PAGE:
The Education Data Jam also focused on Federal education data sets now available at education.data.gov.  Publicly available data about education outcomes can help fuel the next generation of customized services and tools for students, teachers, and school districts.

Data from the Learning Registry, a new open-source technical system to help educators and learners use and share digital content, was also a major subject of the brainstorm.  Developers interested in connecting student performance or teacher preparation tools to appropriate content can leverage the information stored in this crowd-sourced platform.

In wrapping up the event, we challenged participants to collaborate on building tools or services using the data demonstrated at the Data Jam.  Groups who successfully implement their ideas in the next 90 days will have an opportunity to potentially be featured at a follow-on event—an “Education Datapalooza”—that will celebrate private-sector education innovation fueled by open data.  The challenge to build innovative education tools and services, for potential demonstration at the Datapalooza, is open to everyone.  Information about the data sets presented at the Data Jam is available here.  And if you’d like more details about the Education Dataplaooza or if you have an idea or an example of a private-sector innovation (a product, service, website, app, or feature) that uses open education data, please send an email to Richard.Culatta@ed.gov.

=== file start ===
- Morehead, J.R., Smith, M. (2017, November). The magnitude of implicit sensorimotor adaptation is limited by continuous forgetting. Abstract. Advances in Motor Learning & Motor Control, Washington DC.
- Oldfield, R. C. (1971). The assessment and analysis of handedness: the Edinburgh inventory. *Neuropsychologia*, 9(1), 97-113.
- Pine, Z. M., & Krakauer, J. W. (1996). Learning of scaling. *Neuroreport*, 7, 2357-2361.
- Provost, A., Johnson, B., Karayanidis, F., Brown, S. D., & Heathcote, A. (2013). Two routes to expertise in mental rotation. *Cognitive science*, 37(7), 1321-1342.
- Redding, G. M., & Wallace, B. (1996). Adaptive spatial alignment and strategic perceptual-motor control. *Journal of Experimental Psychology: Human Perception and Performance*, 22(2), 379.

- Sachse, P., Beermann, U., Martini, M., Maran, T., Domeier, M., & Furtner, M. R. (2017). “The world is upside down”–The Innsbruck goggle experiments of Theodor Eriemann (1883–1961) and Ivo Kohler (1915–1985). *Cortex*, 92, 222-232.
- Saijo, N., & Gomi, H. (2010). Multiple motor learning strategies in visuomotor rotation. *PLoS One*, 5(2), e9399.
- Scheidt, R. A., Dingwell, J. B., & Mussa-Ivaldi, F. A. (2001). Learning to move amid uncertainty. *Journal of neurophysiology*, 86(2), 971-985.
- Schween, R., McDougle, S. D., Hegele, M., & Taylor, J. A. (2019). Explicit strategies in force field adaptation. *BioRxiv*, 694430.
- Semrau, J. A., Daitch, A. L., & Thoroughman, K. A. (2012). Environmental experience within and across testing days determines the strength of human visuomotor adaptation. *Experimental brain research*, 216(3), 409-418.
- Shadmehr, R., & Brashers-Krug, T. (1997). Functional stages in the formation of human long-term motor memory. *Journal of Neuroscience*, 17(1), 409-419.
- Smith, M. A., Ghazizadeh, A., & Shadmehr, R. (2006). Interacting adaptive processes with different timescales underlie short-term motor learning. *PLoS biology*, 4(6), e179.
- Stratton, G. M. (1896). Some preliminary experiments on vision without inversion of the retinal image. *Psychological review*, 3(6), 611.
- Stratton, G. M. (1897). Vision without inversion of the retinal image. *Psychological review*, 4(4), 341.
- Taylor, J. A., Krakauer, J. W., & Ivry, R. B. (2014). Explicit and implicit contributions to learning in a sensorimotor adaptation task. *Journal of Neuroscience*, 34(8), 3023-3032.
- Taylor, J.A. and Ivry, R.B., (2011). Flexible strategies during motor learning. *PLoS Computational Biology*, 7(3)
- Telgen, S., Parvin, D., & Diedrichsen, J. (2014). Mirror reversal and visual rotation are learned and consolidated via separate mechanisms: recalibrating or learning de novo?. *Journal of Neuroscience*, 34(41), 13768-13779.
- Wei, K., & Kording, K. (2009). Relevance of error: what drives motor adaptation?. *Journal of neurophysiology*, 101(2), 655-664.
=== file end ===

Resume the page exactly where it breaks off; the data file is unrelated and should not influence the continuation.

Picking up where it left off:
August Will Be “Connected Educator Month”

This item came across my desk in late June. U.S. Department of Education Secretary Arne Duncan is declaring the entire month of August as “Connected Educator Month.” The idea is to get educators talking and learning about using technology and the Internet and sharing creative ways to connect their learners to the classroom via technology.

The site below discusses more about the intent of Connected Educator Month. Take a few minutes to read the announcement and how to become involved, whether through online forums or professional development or personal development.

via Secretary of Education Duncan Declares August “Connected Educator” Month — THE Journal.

URL: http://thejournal.com/articles/2012/06/26/education-secretary-announces-connected-educator-month.aspx

#educ_dr

R&D Connections 18 — Dropping Out of High School